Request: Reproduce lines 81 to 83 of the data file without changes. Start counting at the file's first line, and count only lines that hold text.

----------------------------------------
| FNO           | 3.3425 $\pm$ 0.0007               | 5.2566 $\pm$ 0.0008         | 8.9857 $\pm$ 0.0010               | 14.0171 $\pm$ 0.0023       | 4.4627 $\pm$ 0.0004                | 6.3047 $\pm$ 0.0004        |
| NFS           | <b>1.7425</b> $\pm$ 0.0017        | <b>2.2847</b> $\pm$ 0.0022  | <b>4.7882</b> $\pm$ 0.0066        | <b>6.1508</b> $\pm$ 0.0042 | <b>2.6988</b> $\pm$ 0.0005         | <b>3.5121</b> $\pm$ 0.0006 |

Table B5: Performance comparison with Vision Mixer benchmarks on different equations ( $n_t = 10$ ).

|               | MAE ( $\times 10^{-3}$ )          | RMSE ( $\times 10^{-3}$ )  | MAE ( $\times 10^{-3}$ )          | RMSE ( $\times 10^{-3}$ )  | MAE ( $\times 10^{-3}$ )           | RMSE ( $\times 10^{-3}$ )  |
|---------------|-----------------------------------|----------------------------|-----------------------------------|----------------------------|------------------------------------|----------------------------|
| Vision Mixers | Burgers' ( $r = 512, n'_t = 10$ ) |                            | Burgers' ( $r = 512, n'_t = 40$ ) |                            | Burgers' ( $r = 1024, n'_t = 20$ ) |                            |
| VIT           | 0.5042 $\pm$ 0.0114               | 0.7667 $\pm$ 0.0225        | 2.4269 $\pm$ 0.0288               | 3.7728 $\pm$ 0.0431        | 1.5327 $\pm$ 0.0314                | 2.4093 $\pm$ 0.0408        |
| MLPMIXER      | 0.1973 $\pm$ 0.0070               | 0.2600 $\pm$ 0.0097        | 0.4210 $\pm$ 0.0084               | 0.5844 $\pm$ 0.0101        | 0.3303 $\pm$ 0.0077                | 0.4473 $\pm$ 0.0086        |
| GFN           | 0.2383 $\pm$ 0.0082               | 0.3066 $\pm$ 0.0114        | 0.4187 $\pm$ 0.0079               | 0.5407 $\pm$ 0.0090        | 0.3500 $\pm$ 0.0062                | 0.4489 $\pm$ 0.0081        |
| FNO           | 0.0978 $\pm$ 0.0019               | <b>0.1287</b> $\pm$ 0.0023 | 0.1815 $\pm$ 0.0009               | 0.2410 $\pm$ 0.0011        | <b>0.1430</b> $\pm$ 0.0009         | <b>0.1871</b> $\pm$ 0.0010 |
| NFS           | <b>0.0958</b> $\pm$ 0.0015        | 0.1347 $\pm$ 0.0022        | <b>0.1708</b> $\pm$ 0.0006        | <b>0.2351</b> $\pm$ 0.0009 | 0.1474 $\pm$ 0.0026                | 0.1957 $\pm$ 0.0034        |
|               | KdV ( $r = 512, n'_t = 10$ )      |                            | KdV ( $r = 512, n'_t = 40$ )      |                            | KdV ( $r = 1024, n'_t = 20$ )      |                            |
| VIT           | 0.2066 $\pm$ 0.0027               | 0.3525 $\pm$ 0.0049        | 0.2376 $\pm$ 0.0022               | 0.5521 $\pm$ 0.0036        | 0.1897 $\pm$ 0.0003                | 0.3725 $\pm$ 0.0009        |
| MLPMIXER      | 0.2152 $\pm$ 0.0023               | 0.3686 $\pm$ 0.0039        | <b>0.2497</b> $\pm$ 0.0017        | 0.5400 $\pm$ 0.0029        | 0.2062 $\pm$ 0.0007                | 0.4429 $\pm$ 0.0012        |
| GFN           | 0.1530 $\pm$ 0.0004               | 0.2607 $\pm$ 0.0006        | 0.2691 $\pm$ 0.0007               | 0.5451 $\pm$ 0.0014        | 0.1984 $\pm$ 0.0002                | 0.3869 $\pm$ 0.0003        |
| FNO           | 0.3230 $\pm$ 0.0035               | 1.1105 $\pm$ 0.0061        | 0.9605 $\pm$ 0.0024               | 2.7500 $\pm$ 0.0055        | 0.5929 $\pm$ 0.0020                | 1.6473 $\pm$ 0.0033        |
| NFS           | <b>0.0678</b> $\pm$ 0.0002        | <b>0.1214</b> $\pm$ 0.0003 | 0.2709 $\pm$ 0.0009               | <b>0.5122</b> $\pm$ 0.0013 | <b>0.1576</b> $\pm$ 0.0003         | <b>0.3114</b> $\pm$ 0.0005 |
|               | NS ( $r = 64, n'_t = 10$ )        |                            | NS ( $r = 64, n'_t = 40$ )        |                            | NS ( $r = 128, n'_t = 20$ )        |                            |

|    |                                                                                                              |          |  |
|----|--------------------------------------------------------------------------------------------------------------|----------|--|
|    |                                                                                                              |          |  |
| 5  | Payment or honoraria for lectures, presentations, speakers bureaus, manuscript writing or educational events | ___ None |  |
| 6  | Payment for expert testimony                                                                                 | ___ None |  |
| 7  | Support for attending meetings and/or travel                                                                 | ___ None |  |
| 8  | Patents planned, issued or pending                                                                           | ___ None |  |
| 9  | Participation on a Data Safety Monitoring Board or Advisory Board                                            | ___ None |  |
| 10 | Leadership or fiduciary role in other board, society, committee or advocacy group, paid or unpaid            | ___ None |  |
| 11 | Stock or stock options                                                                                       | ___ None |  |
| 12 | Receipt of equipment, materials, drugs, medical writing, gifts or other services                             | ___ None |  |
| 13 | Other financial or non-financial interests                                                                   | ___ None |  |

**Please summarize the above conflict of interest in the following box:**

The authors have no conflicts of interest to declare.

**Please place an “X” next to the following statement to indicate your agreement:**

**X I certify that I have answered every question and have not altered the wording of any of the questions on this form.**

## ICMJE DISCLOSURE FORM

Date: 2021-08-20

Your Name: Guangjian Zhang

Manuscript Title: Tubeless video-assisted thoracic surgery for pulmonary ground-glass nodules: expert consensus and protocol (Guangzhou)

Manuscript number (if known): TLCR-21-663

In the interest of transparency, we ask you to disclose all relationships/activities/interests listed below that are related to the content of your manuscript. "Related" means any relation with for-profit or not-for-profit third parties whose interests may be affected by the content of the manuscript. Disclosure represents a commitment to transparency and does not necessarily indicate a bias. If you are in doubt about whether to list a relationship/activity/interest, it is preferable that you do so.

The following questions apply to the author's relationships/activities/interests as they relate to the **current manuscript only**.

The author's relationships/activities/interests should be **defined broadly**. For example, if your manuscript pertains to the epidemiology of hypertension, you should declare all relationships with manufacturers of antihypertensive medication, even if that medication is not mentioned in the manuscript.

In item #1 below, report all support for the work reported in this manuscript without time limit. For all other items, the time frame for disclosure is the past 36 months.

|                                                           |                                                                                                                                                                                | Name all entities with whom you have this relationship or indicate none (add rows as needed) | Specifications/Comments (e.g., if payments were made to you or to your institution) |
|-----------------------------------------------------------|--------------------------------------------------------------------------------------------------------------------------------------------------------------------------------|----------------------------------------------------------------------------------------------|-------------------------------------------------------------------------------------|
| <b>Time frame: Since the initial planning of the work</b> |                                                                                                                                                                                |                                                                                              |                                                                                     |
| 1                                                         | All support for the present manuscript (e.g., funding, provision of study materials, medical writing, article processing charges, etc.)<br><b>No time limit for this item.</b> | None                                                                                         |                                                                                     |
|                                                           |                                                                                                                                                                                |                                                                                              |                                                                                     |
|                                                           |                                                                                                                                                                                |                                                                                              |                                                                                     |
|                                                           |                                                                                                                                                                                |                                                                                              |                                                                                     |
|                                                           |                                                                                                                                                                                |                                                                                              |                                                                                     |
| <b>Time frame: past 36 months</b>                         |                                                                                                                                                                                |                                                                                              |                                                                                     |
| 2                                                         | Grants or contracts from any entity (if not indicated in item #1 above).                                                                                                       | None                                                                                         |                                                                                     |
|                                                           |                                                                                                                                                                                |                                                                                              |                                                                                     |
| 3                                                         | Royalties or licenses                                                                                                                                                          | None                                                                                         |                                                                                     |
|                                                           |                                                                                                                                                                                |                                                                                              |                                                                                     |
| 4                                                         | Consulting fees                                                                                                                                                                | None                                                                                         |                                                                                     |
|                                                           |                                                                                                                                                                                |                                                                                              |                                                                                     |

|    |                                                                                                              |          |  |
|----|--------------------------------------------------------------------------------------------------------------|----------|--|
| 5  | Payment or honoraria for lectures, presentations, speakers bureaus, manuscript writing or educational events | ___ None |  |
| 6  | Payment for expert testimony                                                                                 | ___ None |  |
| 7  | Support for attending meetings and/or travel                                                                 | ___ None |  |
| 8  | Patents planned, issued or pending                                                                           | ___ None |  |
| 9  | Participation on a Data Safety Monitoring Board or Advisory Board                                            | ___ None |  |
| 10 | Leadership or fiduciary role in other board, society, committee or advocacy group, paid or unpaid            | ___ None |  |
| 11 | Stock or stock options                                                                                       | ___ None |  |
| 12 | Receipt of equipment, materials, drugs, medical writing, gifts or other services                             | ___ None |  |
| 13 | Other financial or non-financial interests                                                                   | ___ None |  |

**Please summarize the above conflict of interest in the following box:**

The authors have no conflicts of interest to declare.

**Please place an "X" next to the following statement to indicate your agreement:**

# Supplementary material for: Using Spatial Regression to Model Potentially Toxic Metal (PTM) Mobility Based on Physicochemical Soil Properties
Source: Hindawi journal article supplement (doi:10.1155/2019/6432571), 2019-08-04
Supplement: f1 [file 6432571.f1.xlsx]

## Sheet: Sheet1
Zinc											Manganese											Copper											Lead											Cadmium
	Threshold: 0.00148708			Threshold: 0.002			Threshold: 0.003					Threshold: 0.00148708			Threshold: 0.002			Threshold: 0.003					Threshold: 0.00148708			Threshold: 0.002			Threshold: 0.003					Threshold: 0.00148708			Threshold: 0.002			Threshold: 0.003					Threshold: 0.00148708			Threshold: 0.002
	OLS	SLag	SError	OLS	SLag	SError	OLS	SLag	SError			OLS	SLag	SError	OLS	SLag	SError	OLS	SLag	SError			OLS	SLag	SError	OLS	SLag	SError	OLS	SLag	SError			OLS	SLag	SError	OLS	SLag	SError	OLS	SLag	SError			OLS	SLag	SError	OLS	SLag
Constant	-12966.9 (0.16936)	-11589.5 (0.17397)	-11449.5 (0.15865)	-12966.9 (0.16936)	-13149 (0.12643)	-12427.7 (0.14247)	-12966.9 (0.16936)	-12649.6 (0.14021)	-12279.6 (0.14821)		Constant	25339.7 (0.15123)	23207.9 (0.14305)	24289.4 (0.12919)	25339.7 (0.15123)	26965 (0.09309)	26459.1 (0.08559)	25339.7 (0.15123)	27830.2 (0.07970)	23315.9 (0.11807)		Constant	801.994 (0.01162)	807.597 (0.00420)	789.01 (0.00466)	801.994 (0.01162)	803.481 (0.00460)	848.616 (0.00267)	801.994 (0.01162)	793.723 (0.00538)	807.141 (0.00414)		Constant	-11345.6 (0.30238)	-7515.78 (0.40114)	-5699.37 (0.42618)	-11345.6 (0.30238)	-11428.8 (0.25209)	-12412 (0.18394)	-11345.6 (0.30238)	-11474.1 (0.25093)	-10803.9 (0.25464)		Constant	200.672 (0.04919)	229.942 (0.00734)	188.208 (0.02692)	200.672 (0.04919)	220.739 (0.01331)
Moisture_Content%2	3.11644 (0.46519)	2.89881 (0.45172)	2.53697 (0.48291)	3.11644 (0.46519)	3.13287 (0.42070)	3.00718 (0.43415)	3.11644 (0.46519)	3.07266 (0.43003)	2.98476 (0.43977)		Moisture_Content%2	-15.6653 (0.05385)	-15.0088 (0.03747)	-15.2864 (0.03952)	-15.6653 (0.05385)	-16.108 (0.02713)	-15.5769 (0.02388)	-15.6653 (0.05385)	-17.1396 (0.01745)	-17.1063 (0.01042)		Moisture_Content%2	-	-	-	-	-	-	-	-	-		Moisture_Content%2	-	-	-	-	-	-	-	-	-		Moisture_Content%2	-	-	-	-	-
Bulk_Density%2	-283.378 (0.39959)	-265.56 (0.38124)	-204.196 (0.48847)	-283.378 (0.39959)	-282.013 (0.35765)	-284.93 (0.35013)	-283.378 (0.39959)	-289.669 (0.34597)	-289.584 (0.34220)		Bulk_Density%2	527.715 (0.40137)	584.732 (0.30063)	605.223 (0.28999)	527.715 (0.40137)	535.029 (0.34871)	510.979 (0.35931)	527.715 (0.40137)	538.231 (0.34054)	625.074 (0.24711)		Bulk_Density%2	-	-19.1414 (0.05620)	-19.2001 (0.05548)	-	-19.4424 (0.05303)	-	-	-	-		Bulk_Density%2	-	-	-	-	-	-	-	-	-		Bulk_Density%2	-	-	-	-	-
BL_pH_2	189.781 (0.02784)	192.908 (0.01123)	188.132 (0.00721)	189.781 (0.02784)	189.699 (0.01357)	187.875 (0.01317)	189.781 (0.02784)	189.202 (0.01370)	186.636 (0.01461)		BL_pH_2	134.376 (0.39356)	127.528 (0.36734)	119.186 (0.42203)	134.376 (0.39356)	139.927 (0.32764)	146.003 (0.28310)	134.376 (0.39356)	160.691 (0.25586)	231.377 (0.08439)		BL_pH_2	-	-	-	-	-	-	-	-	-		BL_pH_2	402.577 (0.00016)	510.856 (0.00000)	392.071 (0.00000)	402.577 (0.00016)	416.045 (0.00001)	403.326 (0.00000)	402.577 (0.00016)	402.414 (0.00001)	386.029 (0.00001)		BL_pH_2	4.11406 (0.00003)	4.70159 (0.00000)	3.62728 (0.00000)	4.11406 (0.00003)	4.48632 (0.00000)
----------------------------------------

Moisture_Content%2	3.11644 (0.46519)	2.89881 (0.45172)	2.53697 (0.48291)	3.11644 (0.46519)	3.13287 (0.42070)	3.00718 (0.43415)	3.11644 (0.46519)	3.07266 (0.43003)	2.98476 (0.43977)		Moisture_Content%2	-15.6653 (0.05385)	-15.0088 (0.03747)	-15.2864 (0.03952)	-15.6653 (0.05385)	-16.108 (0.02713)	-15.5769 (0.02388)	-15.6653 (0.05385)	-17.1396 (0.01745)	-17.1063 (0.01042)		Moisture_Content%2	-	-	-	-	-	-	-	-	-		Moisture_Content%2	-	-	-	-	-	-	-	-	-		Moisture_Content%2	-	-	-	-	-
Bulk_Density%2	-283.378 (0.39959)	-265.56 (0.38124)	-204.196 (0.48847)	-283.378 (0.39959)	-282.013 (0.35765)	-284.93 (0.35013)	-283.378 (0.39959)	-289.669 (0.34597)	-289.584 (0.34220)		Bulk_Density%2	527.715 (0.40137)	584.732 (0.30063)	605.223 (0.28999)	527.715 (0.40137)	535.029 (0.34871)	510.979 (0.35931)	527.715 (0.40137)	538.231 (0.34054)	625.074 (0.24711)		Bulk_Density%2	-	-19.1414 (0.05620)	-19.2001 (0.05548)	-	-19.4424 (0.05303)	-	-	-	-		Bulk_Density%2	-	-	-	-	-	-	-	-	-		Bulk_Density%2	-	-	-	-	-
BL_pH_2	189.781 (0.02784)	192.908 (0.01123)	188.132 (0.00721)	189.781 (0.02784)	189.699 (0.01357)	187.875 (0.01317)	189.781 (0.02784)	189.202 (0.01370)	186.636 (0.01461)		BL_pH_2	134.376 (0.39356)	127.528 (0.36734)	119.186 (0.42203)	134.376 (0.39356)	139.927 (0.32764)	146.003 (0.28310)	134.376 (0.39356)	160.691 (0.25586)	231.377 (0.08439)		BL_pH_2	-	-	-	-	-	-	-	-	-		BL_pH_2	402.577 (0.00016)	510.856 (0.00000)	392.071 (0.00000)	402.577 (0.00016)	416.045 (0.00001)	403.326 (0.00000)	402.577 (0.00016)	402.414 (0.00001)	386.029 (0.00001)		BL_pH_2	4.11406 (0.00003)	4.70159 (0.00000)	3.62728 (0.00000)	4.11406 (0.00003)	4.48632 (0.00000)